Thursday, November 15, 2018 | Regent University, Virginia Beach | 8PM

The 2018-2019 Regent Classics Series begins with a program of Spanish and South American origins. We’ll hear from a variety of composers hailing from Spain, Chile and Argentina for a dynamic, colorful program that highlights some familiar and some not-so-familiar works. The lush, whimsical sound of Soro’s Three Chilean Aires will sweep you away. The romantic tangos of Piazzolla’s Four Seasons of Buenos Aires featuring Concertmaster Vahn Armstrong will leave your heart racing and toes tapping. Then we dive into de Falla’s Three Cornered Hat Suite No. 1 with its lively characters and drama, followed by Ginastera’s folkloric and expressive Concert Variations.

Gonzalo Farias , conductor
Vahn Armstrong , violin

Soro : Tres aires chilenos
Piazzolla : Cuatro Estaciones Porteñas
de Falla : El Sombrero de tres picos, Suite No. 1
Ginastera : Variaciones concertantes

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Gonzalo Farias, currently the recipient of the prestigious BSO-Peabody Conducting Fellowship, is an engaging conductor, pianist, and educator. Mentored by Marin Alsop, Mr. Farias’ ambition is to establish music-making as a way of rethinking our place in society by cultivating respect, trust, and cooperation.

While Music Director of the Joliet Symphony Orchestra, Mr. Farias revitalized the city of Joliet by crafting tailor-made pre-concert lectures and sold-out events. A vis-à-vis Spanish and English narrated version of Bizet’s Carmen intended to bring together all members of the community was one of the highlights of recent seasons. Currently, he is the new Associate Conductor at the Occasional Symphony, one of most innovative and exciting chamber orchestras in Baltimore.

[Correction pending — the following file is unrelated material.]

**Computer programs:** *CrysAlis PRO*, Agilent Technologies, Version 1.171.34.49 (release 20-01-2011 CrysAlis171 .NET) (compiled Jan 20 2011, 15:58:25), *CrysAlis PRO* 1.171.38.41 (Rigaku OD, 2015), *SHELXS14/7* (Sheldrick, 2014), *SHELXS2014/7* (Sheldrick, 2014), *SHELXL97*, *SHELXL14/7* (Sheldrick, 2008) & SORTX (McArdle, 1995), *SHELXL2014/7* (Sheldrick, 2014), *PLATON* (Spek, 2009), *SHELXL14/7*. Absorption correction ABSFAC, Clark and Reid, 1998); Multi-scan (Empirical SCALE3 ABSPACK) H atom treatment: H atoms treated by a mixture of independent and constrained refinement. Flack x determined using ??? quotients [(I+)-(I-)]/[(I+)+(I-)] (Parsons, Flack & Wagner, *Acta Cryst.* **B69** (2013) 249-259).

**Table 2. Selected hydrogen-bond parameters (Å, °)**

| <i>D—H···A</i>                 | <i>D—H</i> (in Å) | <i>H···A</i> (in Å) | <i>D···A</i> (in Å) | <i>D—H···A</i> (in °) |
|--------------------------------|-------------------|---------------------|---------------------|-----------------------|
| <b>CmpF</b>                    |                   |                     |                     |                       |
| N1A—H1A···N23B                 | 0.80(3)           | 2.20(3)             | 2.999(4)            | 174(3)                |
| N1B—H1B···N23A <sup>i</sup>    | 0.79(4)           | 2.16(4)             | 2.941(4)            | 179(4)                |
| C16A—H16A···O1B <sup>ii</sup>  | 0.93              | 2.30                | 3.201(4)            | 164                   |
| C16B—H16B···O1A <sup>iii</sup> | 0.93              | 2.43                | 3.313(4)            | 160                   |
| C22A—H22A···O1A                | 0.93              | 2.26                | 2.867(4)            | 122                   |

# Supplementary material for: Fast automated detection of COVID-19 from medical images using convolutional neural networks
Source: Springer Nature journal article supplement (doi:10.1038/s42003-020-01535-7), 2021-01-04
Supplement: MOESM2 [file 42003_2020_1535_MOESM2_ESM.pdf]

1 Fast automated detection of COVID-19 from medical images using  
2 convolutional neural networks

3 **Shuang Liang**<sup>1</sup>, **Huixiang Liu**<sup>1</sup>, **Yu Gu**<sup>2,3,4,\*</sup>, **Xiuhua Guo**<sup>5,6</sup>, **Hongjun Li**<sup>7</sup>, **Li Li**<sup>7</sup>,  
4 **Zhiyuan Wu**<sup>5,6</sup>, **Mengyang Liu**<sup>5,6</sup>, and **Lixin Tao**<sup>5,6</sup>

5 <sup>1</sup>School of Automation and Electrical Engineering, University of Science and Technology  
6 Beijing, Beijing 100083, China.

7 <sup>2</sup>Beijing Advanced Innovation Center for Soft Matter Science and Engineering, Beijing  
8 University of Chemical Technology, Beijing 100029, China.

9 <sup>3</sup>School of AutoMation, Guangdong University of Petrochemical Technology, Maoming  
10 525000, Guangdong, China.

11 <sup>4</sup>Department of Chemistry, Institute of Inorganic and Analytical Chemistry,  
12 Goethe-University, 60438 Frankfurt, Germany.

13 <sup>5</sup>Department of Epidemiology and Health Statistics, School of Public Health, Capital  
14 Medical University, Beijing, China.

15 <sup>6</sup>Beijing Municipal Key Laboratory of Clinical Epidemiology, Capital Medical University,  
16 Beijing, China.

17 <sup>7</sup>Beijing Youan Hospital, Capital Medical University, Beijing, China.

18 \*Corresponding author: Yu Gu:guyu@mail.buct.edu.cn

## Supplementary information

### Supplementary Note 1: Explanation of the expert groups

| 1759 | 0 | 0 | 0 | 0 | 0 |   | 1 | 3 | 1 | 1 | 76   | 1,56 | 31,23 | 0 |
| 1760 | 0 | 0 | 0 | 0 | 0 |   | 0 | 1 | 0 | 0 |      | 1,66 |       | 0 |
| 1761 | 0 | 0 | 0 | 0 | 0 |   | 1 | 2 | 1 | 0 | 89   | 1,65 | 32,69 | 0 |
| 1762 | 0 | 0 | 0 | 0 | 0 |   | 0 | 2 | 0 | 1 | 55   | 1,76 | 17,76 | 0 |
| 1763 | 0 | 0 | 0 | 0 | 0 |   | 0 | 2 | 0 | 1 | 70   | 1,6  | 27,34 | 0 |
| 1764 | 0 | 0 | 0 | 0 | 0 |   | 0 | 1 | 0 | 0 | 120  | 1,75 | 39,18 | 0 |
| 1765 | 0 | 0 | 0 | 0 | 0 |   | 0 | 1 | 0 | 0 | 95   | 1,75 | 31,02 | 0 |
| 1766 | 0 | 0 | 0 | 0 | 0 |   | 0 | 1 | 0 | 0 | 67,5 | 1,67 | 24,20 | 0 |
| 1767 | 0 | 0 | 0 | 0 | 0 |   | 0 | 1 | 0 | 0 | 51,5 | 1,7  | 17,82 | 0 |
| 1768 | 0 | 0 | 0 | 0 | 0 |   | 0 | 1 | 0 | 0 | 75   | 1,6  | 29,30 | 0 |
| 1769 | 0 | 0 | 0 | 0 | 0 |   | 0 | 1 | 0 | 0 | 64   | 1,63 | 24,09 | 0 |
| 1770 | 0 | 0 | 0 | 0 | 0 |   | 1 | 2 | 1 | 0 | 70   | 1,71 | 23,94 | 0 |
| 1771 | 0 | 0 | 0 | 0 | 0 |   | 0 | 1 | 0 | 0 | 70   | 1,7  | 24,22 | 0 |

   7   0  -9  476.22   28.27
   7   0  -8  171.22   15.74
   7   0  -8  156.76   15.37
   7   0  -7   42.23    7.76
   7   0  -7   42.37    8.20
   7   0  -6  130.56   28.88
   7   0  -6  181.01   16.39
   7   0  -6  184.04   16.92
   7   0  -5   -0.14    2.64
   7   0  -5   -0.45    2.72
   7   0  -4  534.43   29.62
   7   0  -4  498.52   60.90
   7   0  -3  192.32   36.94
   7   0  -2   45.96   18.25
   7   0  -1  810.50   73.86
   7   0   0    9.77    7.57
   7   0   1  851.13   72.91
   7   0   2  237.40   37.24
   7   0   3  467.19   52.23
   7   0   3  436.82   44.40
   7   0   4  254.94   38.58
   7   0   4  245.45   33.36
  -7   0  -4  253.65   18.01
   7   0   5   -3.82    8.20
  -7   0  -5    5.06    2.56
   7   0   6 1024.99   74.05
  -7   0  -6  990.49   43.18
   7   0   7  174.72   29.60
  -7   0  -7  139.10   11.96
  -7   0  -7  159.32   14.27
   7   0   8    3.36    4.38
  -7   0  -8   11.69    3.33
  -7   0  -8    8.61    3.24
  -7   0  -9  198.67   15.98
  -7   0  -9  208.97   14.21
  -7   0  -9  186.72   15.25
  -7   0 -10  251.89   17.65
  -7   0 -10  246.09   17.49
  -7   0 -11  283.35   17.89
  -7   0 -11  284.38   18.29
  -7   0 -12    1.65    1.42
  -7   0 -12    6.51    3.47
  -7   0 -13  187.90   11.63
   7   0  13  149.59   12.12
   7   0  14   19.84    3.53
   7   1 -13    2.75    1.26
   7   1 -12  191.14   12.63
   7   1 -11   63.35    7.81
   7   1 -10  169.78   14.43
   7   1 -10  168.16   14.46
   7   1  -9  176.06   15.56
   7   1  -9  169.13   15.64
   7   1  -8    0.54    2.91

Recently, Mr. Farias attended the 2017 Gstaad Menuhin Festival Conducting Academy. Under the guidance of Jaap van Zweden and Johannes Schlaefli, he was selected to conduct the prestigious Gstaad Festival Orchestra in several occasions. Under the mentorship of Paavo and Neeme Järvi, Mr. Farias also studied at the Järvi Academy and was selected to close its final concert at the Pärnu Music Festival. He has also attended the Pierre Monteux School for Conductors, where he was awarded the Osher Scholar Prize in conducting. As part of the Peninsula Music Festival, Mr. Farias worked as an Assistant Conductor under the “Emerging Conductor” program established by esteemed Music Director Victor Yampolsky.

An advocate for contemporary music, Mr. Farias served as an Assistant Conductor of Donald Schleicher in the recording project of “Astral Canticle” by Augusta Read Thomas, released by Nimbus Records. Mr. Farias also served as a Conducting Fellow at the Cabrillo Festival of Contemporary Music as the recipient of the Bruno Walter Conducting Scholarship.

Mr. Farias has worked with conductors Harold Farberman, Diane Wittry, Markus Stenz, Christoph König, Hannu Lintu, Nicholas McGegan, Leonard Slatkin. Garrett Keast, Otto-Werner Mueller, and Larry Rachleff, as well as with members of the Boston Chamber Orchestra, Norwalk Symphony, Charlotte Symphony, Worcester Youth Orchestra, Bard Conductor’s Institute Orchestra, Bohuslav Martinu Philharmonic, National Symphony of Chile, Pleven Philharmonic, Zagreb Philharmonic, and Baltimore Symphony Orchestra.

Mr. Farias was born in Santiago de Chile. He began his piano studies at age five and earned his Bachelor’s degree at the P.C. University of Chile. Mr. Farias continued his graduate studies at the New England Conservatory, earning his Master´s, Graduate Diploma, and Doctoral degrees as a full-scholarship student of Wha Kyung Byun and Russell Sherman. He has won first prize at the Claudio Arrau International Piano Competition and prizes at the Maria Canals and Luis Sigall Piano Competitions. As a conductor, Mr. Farias attended the University of Illinois, working with Donald Schleicher as his Assistant Conductor. He is currently a student in the inaugural class of Marin Alsop at the Peabody Conservatory.